How to Become a Scuba Diver
  

Have you always loved the ocean? The creatures underneath? You're probably one of those whose idea of a good time is floating weightlessly amongst the dolphins and rays and turtles and of course, the fish.  That need not be a dream all your life. You can make it happen.
 
First off, find a local dive center and tell them you want to join a scuba diving course. There will usually be a home study portion, so get started with it. Sometimes, it comes as a paper manual. Other times, you can access it online. You need to know all the basics of scuba diving before you start your first underwater adventure. Of course, you will have a scuba instructor, and he will expect you to ask a few questions on parts of the written course that you may have doubts about. You may have something in mind which is related to the course, but is not included in the materials. Visit us at scubaguru.org for more info.
 
After this, you will be trained in-water by your instructor, but not in the ocean right away. You'll probably be doing this in a swimming pool or any designated confined space with water. This is where you will be taught basic skills and knowledge about scuba diving. You learn how to set up and use your equipment, swim properly with your scuba, clear your regulator and mask, ascend and descend, manage emergency procedures, and all the rest. For more info, click here.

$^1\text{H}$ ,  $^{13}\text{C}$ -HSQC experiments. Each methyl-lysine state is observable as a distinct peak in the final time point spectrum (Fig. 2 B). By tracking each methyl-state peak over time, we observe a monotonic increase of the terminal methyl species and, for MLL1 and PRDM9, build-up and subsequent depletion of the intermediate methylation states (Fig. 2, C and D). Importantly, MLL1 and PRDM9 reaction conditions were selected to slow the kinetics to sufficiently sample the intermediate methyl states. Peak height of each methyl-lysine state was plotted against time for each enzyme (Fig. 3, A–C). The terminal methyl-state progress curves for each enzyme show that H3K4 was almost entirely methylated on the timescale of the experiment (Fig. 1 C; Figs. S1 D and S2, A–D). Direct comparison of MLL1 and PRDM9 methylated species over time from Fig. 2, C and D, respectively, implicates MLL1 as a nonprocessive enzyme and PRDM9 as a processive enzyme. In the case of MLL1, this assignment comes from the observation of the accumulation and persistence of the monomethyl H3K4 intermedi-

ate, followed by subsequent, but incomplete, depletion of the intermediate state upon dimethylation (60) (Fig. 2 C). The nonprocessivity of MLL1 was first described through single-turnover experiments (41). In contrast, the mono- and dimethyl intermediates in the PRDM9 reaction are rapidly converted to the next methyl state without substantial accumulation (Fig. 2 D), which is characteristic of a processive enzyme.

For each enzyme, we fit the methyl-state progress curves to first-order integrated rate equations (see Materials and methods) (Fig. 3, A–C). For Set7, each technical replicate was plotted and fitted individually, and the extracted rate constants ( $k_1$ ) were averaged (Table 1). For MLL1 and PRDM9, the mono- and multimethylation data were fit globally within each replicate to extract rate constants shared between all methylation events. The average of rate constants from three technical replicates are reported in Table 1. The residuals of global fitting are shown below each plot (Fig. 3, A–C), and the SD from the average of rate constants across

The last step is open water testing of your scuba skills. This is where you will finally apply everything you have learned in a real-world open water scenario. This usually includes at least four open water dives, during which you show will your instructor your ability to plan and manage a dive. Either these "check-off" dives are done locally or in during your vacation in some tropical destination.
 
As you can see, you will be spending quite some time with your scuba diving instructor. And there will be lots of learning to do, especially if you've never done scuba diving before. This is why you have to be careful in choosing which dive center and instructor to train with. Qualifications are important. You have to pick people who really know what they're doing, professionally speaking. On top of that, you should find an instructor who has good chemistry with you. You should be able to trust this person completely so you can maximize your learning. You can also learn how to become a scuba diver by checking out the post at http://www.huffingtonpost.com/the-active-times/the-most-dangerous-scuba-_b_6699562.html.